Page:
I surmise the joke is an almost purely American phenomenon. If so, I wonder whether this is because National Lampoon and/or Spiderman comics have/had minimal market penetration in the UK and Ireland, or because the original non-joke legal doublet "threat or menace" is confined to US Law.

  16. Christopher Henrich said,

    April 15, 2010 @ 2:51 pm

    Perhaps the word "menace" has been robbed of much of its—ummm— menace by the long=running cartoon "Dennis the Menace".

  17. Rubrick said,

    April 15, 2010 @ 5:39 pm

    Unfortunately its crosstown rival, "Brett the Threat", never caught on.

  18. Scott said,

    April 15, 2010 @ 6:04 pm

    I would have to disagree with a number of previous posters and posit that I find "threat" more negative than "menace." And I suspect that Christopher Henrich might be right to say that one particular menace–Dennis–may have done a great disservice to the word.

    "Menace" brings images of a neighborhood bully or, perhaps, a small parasite, like a tick, to mind. But a threat, well, we can talk about the Threat of Nuclear War or the Threat of a Global Epidemic–scary stuff! I can imagine the headline: "Al Qaeda–greatest threat of the 20th century!" I can't, however, imagine, "Al Qaeda–America's #1 menace!" with any seriousness.

  19. DGW said,

    April 15, 2010 @ 11:54 pm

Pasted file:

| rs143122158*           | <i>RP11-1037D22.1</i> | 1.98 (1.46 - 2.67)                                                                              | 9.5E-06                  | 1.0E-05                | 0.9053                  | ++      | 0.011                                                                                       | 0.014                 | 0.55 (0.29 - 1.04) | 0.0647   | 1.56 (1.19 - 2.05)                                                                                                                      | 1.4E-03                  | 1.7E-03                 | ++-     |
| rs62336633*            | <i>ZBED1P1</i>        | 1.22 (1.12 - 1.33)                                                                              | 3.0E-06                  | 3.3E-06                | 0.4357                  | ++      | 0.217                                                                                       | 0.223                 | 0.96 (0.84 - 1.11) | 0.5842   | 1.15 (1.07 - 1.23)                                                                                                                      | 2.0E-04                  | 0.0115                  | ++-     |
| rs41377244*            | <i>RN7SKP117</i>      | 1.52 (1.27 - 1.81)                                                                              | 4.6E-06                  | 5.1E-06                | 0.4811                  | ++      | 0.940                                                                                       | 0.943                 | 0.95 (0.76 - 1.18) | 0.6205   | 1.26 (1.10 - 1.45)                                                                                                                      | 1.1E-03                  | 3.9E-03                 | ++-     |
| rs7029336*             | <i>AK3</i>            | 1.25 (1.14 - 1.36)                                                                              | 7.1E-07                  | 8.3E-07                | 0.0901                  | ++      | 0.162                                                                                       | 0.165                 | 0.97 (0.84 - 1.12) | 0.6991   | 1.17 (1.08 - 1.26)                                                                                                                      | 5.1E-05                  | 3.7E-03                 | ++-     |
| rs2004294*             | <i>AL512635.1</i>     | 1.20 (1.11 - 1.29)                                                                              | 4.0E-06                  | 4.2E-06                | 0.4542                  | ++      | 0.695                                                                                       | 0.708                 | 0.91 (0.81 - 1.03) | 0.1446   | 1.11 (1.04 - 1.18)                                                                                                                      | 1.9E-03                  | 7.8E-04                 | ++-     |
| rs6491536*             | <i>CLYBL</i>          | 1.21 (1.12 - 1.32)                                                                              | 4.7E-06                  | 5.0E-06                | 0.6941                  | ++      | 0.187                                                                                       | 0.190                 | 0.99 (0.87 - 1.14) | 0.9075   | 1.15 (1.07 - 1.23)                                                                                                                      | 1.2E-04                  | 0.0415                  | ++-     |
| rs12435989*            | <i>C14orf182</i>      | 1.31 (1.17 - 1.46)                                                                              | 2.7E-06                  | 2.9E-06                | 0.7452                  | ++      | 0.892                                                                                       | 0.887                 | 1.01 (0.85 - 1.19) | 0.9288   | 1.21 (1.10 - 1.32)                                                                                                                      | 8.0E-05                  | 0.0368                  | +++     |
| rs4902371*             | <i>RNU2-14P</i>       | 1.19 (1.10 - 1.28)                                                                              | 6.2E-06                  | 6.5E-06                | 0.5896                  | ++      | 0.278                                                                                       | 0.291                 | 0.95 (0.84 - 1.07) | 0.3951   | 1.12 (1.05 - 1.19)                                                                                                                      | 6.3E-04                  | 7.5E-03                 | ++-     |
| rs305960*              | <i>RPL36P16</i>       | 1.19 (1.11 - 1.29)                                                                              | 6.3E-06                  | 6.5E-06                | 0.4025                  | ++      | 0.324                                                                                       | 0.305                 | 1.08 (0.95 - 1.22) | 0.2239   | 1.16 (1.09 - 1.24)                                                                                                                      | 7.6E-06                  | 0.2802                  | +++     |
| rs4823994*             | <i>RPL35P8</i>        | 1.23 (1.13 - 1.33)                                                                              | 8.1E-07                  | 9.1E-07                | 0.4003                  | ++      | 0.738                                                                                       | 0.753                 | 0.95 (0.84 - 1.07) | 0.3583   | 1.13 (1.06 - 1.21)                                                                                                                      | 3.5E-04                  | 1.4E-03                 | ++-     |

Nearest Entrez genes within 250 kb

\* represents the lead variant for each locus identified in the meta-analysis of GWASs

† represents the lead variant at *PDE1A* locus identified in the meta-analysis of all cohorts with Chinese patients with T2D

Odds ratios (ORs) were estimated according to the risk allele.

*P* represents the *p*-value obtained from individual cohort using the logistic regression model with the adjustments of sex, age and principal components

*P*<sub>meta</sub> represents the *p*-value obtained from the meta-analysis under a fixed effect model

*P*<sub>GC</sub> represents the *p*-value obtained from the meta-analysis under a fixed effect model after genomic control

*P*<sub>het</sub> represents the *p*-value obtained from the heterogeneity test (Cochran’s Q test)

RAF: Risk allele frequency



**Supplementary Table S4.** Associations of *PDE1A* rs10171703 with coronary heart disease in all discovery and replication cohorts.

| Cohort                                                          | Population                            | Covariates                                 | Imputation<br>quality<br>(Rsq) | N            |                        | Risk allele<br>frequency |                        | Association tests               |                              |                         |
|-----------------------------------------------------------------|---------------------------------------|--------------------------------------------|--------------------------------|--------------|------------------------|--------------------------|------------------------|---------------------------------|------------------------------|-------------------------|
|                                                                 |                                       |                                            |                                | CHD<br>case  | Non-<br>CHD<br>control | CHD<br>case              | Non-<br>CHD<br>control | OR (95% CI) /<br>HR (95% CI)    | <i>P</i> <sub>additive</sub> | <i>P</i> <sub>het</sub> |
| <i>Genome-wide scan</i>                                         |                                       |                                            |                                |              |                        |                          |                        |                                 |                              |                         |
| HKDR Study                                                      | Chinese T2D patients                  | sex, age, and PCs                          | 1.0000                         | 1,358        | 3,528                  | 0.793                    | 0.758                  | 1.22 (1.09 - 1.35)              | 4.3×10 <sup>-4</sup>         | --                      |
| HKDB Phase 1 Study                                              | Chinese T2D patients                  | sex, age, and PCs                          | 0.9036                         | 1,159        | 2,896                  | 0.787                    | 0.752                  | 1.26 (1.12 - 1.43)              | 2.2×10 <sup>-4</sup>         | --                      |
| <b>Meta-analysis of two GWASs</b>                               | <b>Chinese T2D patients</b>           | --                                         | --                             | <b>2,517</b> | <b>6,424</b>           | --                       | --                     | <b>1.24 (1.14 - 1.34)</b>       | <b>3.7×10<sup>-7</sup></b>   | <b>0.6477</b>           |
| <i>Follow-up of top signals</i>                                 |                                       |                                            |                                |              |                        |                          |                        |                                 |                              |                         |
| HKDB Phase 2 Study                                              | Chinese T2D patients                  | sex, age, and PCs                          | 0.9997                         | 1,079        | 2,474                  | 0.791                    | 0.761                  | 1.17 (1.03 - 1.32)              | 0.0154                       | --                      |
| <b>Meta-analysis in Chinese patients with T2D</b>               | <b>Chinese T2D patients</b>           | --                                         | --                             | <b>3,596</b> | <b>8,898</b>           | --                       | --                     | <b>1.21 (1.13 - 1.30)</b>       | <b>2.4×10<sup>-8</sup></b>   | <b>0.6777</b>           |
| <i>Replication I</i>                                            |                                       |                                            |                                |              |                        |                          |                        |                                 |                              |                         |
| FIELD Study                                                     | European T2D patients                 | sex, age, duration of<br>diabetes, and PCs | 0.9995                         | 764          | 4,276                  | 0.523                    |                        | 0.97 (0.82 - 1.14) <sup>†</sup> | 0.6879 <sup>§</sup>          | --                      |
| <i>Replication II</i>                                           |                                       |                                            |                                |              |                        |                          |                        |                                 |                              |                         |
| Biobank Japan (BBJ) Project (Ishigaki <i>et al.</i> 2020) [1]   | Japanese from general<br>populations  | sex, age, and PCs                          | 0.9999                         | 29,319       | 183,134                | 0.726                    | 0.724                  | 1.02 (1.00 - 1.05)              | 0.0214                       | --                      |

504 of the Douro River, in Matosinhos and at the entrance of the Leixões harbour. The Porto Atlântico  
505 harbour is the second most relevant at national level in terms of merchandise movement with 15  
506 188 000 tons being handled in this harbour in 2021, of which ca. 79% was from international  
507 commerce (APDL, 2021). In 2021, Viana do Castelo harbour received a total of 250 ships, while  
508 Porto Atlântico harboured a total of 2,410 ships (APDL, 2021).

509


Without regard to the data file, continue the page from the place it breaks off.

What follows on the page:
As Mr. Punch said, the phrase was (as I recall) applied to flying saucers in a Lampoon "Life Magazine" parody: date seems to have been 1968. As I recall the phrase was new _to me_ at that time.

  20. Bob Ladd said,

    April 16, 2010 @ 2:33 am

    I've also never heard the "threat or menace" phrase before (exposed mostly to American English until 1981, thereafter mostly to British). My impression is that "menace" referring to a difficult person is much more common in BrEng than in AmEng. I would have thought Scott's definition ("neighborhood bully or, perhaps, a small parasite, like a tick") was based on BrEng intuitions, except for his AmEng spelling of neighbo(u)rhood.

    In the interests of avoiding trans-Atlantic miscommunication, subsequent commenters please note: "Dennis the Menace" refers to two completely different cartoon characters in British and American English.

  21. Simon Cauchi said,

    April 16, 2010 @ 4:56 pm

    A small point of detail: The story at press.co.nz is credited to The Nelson Mail (naturally enough, since Nelson is where the woman appeared in court). Press.co.nz is the online version of The Press, the Christchurch daily newspaper. I was quite mistaken in thinking that this story came from Wellington's Dominion Post.

  22. Sean said,

    May 1, 2010 @ 10:47 pm

    "Boon or blessing" seems to suggest, to me, an implicit decision of whether something should be represented as being a mere materialistically advantageous thing, or a materialistically advantageous thing supposed to be taken for granted as having been decreed from "on high".

    I think it's a phrase rich with irony. – and, no doubt, in voicing my interpretation of the phrase, I've added my own opinion, in spades.

  23. Anton Sherwood said,

    October 13, 2013 @ 1:39 pm

    Isn't menace the French word for ‘threat’?